Where are the hideous mutated aliens that can’t speak in quantifiable language? What of the formless beings who forgo corporeal forms and merge together to form a hivemind? What use could these creatures have with the English language or pithy human concepts or emotion? It’s narcissistic to assume humanity’s shape is the flagship form across the universe, or that Earth is the penultimate utopia for all species. Let’s see more bizarre flora and fauna, decidedly dangerous planets that our own explorers would never be able to set foot on, and more culture shock than one could ever imagine. Just think of a game where you can’t use words at all to communicate with the alien inhabitants of a faraway world. Like Journey, perhaps you would use actions or body language. Or could you? It’s a challenge that would be an exciting undertaking, and one that we’re ready, as a culture, to take on. Anything to introduce new and stimulating concepts beyond the same old shapeshifting humanoid would be welcome these days.
Invasion of the Tired Plotline
How many games have explored “invasion” scenarios? Two? Twenty? No matter how many have tackled the subject matter, the reasons are always changing, but the same exact ideas form the core of understanding. An alien race is descending to Earth to make us change our ways, to steal our resources, to enslave us, or to warn us of a mutual threat. To subvert this idea, perhaps we turn on the aliens and ignore their warnings. Or perhaps we enslave said aliens until it’s too late for them to actually help us. Variations on the same themes exist: look at The Bureau: XCOM Declassified, Crysis, and Resistance: Fall of Man come to mind, though if you simply peer out into the vast universe of sci-fi gaming, you’re bound to find quite a few similar stories with ideas that hardly differ.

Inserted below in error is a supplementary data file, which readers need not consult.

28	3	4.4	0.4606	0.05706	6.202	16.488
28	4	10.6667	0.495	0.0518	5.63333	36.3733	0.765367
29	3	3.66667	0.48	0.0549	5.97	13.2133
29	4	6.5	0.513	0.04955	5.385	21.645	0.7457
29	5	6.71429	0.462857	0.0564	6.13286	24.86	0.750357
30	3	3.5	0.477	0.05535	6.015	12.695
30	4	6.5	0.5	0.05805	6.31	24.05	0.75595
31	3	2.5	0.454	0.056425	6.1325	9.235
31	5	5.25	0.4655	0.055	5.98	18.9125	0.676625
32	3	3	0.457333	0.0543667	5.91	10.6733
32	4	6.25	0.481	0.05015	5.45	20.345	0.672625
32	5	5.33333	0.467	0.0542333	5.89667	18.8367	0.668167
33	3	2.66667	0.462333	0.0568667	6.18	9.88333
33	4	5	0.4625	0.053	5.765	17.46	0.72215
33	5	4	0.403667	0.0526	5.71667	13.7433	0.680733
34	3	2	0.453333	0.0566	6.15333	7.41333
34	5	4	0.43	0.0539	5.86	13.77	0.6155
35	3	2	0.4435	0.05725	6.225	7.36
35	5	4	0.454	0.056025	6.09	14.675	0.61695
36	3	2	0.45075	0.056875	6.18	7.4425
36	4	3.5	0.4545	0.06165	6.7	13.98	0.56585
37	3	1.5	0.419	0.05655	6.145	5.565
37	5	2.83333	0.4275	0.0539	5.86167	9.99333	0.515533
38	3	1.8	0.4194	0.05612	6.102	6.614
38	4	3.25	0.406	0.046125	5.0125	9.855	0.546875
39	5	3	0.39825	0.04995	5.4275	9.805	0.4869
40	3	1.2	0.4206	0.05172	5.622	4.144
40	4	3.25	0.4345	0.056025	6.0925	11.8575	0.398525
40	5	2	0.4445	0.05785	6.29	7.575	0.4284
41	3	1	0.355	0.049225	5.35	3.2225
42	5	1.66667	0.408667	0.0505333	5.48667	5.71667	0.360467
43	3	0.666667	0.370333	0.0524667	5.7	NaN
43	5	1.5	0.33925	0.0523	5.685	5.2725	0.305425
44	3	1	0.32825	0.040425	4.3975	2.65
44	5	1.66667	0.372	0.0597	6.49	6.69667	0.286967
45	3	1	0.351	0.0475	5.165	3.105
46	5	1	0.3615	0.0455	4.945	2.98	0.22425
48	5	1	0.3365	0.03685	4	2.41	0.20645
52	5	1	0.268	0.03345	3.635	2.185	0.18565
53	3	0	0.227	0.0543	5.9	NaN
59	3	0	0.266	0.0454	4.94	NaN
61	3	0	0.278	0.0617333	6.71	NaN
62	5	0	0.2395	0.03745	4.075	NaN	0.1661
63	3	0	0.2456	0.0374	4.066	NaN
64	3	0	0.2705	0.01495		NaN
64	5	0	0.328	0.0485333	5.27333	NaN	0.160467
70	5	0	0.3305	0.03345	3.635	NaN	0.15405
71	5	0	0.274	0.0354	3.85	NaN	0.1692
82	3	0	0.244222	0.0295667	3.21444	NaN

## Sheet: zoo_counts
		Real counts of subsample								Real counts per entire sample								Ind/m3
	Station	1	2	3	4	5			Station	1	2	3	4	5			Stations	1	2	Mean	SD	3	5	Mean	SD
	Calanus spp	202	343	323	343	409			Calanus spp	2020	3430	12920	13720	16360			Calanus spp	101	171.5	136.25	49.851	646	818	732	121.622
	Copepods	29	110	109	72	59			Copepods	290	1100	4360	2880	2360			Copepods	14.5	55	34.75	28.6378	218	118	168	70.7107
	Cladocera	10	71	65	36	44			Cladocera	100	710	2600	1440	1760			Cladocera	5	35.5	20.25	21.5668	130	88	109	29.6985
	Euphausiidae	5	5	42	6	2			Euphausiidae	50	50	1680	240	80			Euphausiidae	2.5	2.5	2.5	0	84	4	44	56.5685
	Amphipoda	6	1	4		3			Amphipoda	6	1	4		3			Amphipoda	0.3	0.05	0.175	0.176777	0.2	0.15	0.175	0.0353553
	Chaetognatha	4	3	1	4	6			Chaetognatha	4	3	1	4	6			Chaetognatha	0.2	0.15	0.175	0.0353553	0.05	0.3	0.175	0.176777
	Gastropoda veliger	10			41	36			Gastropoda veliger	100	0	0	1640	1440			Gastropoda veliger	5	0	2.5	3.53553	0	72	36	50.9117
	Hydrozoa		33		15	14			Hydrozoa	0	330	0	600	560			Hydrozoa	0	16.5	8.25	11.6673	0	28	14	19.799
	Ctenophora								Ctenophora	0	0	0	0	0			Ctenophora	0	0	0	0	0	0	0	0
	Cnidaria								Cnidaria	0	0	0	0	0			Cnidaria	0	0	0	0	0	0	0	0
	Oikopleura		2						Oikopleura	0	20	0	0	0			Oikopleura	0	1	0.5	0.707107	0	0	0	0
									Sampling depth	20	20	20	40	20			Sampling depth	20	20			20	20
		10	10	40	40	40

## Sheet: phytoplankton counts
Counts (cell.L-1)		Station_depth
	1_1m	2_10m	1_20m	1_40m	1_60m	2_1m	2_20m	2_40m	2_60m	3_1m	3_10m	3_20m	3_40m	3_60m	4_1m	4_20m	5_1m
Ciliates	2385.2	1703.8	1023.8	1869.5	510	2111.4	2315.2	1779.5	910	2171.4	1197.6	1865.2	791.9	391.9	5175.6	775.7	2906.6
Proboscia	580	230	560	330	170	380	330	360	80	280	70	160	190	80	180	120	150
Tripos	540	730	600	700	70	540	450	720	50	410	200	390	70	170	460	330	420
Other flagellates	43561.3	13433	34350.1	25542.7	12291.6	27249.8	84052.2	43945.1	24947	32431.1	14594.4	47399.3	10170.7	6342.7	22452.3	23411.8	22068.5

But is Earth really all that special? Is conquering humanity the ultimate prize? Surely there are other planets and civilizations out there in the whole of space worth spending time on. Is it our intelligence or our naivete that makes us targets? And how many more ways can we explore the angles of an invasion? These are questions better left to players to decide, as the answers will all, of course, vary. A solution is out there: instead of telling the story of a hypothetical invasion that may or may not occur due to our iniquity as a race, why not explore the conquering of another race through the aliens’ point of view, or view it as a historical fact? That’s just how things are. “Resolving” things isn’t the climax. It’s simply the way of the world now that Race X is now higher on the food chain, thus making things as clear cut as night and day. Set a game in that sort of universe, where the invasion and subsequent effects are no longer in the spotlight, but more aspects that are viewed as every day normalcy, much like our relationships with animals. There are multiple angles to this trope, and it’s time we tried a few on for size rather than defaulting to the crowds running in terror, cities being destroyed, and the tired old “take me to your leader” nonsense.
BioShock, Half-Life, and even Papers, Please are all excellent games set in dystopian worlds where oppression is the norm. Big Brother is watching. Stay in line and stay out of trouble. Certain feelings/items/actions are prohibited. Whether you game or prefer to watch movies this is a plot line you’ve seen time and time again, only with different rules and different times and places. The fix is always “how to survive” or how to overthrow totalitarian rule, standing up and taking out the “man.” There’s always a brief look at how things degraded to such a lowly state, as well as those in-game who have tried, in vain, to improve their situation. But what about worlds in which these so-called “oppressive” societies are actually beneficial? It’s unthinkable, perhaps, that a world without freedoms could benefit humans and other races as a whole, but a scenario worth exploring, especially when you consider the fight to overthrow Big Brother is quickly becoming a hackneyed one.